In brief

  • In this photo provided by the Chris Loomis, singer Alice Cooper stands by his Andy Warhol red acrylic and silkscreen on canvas called “Little Electric Chair” at the Larsen Gallery in Scottsdale, Ariz., on Wednesday. (Chris Loomis/via AP)

Kona Commons seeks local art for branding refresh

Kona Commons invites island artists to submit original, imaginative artwork for consideration in the shopping center’s branding refresh program.


The center is seeking art to complement and enhance its current brand; the art will be used in various branding elements throughout the center, one of which is the design of parking lot banners. The center cherishes its island home, and whenever possible incorporates island-relevant designs that reflect its brand characteristics of family-friendly, suburban, fun yet sensible, and well-traveled. The center’s demographic includes families, local men and women, and visitors.

Each artist may enter up to five pieces of art. The “Kona Commons Call for Artists” welcomes a variety of media, including painting, drawing, mixed-media, printmaking, digital art, and textiles.

Deadline for submission of artwork is May 31.

For details regarding the eligibility and selection process, visit

Rock legend Alice Cooper to auction off Andy Warhol artwork

SCOTTSDALE, Ariz. — An Andy Warhol canvas found years ago in the garage of rocker Alice Cooper could become the highest selling artwork ever in Arizona.

The music legend, who has a home in metro Phoenix, announced Thursday that he would auction off “Little Electric Chair.”

It will be up for bidding on Oct. 23 at an auction organized by the Larsen Gallery in Scottsdale. The gallery estimates it could fetch anywhere from $2.5 million to $4.5 million.

The red acrylic and silkscreen on canvas was part of Warhol’s “Death and Disaster” series between 1964 and 1965. The pop artist often collected images from newspapers and magazines to use as inspiration for his work. Among them were images of the electric chair.

According to Cooper, the artwork was a birthday gift in the ’70s from a girlfriend who was friends with Warhol.

Cooper also plans to make the canvas available for public viewing.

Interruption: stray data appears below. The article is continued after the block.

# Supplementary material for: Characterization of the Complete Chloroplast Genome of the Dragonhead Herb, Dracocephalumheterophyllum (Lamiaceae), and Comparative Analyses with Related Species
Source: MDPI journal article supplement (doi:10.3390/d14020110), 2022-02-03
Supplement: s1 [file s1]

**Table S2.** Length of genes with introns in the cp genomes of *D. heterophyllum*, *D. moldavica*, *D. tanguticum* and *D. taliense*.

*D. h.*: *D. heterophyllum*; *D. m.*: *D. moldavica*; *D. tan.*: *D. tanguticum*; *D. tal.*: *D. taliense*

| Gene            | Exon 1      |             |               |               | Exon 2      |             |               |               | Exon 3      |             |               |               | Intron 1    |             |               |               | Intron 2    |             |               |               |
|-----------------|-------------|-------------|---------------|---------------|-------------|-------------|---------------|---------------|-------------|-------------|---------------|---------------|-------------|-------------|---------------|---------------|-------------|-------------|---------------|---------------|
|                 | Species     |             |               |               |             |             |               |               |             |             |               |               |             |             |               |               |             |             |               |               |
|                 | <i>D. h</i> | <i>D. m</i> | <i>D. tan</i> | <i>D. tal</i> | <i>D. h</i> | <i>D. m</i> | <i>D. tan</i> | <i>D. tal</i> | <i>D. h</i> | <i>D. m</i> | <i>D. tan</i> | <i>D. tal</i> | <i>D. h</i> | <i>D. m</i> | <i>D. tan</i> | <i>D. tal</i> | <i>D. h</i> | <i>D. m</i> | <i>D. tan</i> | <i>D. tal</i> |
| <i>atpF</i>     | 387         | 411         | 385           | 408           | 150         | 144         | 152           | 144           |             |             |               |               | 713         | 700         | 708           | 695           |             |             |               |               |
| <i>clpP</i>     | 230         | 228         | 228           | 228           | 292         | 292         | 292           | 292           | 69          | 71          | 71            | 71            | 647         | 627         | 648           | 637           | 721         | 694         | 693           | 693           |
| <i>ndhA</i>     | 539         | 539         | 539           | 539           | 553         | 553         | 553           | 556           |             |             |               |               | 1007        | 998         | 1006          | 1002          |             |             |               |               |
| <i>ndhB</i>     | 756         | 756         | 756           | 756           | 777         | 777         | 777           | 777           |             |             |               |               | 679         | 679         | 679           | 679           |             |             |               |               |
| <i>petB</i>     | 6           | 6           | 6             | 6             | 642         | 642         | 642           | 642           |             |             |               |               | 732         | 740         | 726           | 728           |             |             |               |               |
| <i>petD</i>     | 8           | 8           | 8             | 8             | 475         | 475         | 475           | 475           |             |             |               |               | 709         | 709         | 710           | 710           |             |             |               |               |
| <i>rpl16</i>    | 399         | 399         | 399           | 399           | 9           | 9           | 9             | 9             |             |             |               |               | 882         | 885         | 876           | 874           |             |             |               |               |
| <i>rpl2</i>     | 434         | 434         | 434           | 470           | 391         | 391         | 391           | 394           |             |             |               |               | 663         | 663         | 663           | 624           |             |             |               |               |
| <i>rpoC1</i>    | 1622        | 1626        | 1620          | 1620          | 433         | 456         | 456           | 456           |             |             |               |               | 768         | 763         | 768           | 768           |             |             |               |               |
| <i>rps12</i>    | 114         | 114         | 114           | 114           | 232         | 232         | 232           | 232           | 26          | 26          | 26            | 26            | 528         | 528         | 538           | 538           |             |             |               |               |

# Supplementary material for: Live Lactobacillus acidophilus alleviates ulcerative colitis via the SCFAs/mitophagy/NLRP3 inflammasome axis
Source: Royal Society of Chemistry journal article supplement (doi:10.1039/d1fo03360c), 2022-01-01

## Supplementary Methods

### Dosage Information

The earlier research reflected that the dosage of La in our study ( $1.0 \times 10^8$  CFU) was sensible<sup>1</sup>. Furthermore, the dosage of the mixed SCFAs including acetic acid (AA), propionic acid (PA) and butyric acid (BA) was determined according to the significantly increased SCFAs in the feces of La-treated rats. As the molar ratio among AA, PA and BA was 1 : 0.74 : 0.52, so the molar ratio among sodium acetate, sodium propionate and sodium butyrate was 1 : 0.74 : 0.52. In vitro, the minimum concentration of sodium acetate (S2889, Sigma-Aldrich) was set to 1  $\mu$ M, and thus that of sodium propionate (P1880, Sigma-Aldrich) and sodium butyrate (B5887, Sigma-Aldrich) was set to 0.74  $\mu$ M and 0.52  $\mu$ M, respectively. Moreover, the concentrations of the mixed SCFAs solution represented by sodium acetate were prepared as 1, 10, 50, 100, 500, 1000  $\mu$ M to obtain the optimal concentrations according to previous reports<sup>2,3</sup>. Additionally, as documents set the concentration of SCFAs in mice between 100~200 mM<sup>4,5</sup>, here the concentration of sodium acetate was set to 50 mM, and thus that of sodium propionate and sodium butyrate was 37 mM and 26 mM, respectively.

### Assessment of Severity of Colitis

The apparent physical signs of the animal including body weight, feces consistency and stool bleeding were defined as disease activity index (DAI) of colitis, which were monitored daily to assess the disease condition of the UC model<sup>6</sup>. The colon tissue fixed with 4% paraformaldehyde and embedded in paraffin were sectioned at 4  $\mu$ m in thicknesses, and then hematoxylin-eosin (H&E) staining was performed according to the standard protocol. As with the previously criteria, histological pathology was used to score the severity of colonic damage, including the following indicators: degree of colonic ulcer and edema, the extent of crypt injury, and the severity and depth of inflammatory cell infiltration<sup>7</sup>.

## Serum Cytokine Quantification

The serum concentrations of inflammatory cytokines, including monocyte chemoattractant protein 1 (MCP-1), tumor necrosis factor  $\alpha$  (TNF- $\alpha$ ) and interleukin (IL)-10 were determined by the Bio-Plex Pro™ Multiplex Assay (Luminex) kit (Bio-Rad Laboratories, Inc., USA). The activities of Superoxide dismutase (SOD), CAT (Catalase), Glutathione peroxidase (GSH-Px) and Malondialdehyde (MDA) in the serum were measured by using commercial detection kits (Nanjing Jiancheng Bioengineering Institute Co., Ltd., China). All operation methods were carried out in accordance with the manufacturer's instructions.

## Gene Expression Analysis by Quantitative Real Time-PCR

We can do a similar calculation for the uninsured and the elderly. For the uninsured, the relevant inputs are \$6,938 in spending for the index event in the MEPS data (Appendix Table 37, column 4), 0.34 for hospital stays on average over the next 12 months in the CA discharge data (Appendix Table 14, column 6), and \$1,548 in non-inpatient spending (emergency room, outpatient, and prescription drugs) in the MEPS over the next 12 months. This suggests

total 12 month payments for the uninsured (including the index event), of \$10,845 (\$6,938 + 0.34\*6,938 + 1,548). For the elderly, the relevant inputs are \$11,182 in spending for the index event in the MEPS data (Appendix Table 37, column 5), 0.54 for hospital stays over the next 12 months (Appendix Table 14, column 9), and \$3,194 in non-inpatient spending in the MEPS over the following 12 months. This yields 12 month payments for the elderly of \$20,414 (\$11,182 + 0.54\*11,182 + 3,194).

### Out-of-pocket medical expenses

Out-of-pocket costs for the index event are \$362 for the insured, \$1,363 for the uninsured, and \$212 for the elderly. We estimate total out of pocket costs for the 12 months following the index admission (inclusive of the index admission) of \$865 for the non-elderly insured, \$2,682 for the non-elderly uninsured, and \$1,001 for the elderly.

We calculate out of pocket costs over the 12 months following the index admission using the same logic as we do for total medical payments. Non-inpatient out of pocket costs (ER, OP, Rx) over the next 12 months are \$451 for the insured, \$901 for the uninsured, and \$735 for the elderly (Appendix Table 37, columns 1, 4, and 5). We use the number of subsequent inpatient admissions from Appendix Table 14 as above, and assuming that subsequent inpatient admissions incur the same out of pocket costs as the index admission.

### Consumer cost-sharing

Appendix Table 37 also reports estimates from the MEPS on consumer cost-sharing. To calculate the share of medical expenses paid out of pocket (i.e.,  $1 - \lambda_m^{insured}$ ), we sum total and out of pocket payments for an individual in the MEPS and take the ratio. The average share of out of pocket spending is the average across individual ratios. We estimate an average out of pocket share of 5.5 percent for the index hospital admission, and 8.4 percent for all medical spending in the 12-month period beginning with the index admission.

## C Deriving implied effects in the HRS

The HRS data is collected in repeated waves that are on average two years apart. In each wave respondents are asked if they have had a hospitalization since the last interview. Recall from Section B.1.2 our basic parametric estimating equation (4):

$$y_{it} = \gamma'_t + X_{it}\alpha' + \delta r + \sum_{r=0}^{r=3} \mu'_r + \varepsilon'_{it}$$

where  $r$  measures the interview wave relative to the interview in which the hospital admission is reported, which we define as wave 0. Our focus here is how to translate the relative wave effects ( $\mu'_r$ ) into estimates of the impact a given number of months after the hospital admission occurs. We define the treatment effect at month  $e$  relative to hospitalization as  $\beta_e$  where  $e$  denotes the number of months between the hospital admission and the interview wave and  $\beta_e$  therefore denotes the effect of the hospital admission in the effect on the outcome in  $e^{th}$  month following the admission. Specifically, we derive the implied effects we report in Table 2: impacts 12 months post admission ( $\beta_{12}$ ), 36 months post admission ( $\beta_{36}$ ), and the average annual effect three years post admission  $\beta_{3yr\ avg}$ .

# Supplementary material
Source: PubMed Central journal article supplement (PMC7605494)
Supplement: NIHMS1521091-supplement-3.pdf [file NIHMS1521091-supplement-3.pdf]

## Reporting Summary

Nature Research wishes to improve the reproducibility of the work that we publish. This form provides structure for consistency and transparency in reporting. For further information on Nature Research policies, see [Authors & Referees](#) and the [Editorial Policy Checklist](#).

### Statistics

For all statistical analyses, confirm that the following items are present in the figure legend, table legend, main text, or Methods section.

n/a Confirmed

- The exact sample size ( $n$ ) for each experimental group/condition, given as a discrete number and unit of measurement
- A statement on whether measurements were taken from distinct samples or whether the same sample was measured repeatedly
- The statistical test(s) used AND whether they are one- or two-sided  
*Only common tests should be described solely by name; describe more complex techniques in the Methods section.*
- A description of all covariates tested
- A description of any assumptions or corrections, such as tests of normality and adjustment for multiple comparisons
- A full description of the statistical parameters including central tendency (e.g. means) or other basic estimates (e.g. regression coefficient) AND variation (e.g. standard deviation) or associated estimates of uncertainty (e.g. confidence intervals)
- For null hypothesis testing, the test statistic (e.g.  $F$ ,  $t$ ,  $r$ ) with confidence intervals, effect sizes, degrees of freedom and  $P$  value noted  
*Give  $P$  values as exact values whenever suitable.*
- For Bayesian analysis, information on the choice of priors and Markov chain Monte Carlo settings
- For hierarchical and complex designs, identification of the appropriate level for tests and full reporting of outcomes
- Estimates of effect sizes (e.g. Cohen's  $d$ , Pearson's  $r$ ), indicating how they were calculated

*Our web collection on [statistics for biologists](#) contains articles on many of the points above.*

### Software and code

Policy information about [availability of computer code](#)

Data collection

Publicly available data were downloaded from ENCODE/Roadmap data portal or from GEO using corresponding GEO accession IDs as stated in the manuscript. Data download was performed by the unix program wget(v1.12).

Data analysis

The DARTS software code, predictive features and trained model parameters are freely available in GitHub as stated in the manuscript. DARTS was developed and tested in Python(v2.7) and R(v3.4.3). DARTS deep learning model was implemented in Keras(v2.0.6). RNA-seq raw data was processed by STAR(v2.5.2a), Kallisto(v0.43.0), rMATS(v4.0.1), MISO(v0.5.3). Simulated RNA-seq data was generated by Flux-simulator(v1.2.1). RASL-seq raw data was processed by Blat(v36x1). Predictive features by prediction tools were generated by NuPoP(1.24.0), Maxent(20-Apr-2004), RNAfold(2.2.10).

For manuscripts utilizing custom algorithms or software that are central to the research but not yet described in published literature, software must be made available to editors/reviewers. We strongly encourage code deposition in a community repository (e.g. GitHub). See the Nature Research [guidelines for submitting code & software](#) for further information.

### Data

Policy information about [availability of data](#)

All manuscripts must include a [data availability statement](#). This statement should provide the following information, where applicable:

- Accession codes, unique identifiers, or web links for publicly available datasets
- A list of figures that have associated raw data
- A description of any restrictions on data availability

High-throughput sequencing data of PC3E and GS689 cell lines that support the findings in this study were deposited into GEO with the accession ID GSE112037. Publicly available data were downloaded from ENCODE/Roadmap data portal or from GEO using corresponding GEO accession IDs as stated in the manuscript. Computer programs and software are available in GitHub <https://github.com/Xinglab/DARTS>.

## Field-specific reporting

The gallery owners say they will donate part of any commission to Cooper’s nonprofit, Solid Rock, which works to bring music, dance and other forms of art to teens.

Cooper is known for outrageous makeup and performances and such hits as “School’s Out.”

Broadway’s ‘Hamilton,’ ‘Lion King’ and ‘Wicked’ will reopen on same day

Broadway’s Big Three — the smash-hit musicals “Hamilton,” “Wicked” and “The Lion King” — are scheduled to return together on Sept. 14.

The announcement, part of a gush of returns as New York theater gets back in business, was made Tuesday morning on NBC’s “Good Morning America” news show. By returning on the same day, and all putting tickets on sale Tuesday, the show’s typically competitive commercial producers have come together to signal the return of the highest profile attractions on Broadway.

“Hamilton” will star Miguel Cervantes. He played the title role in the musical in the Chicago production but his Broadway bow was felled by the pandemic and the subsequent closing of Broadway theaters.


“Hamilton” has been running on Broadway for six years. “Wicked” has been playing for 17 years. And Disney’s “The Lion King” has been in production for 23 years. The three producers said that they have already played, collectively, to 176 million people. All three shows play at theaters owned by the Nederlander Organization; they quickly will ramp up to the standard eight shows a week.

Three actors made the joint TV announcement: longtime Chicago performer Alexandra Billings (now Madame Morrible in “Wicked”), Krystal Joy Brown, (the current Eliza in “Hamilton”) and L. Steven Taylor, who plays Mufasa in “The Lion King.”

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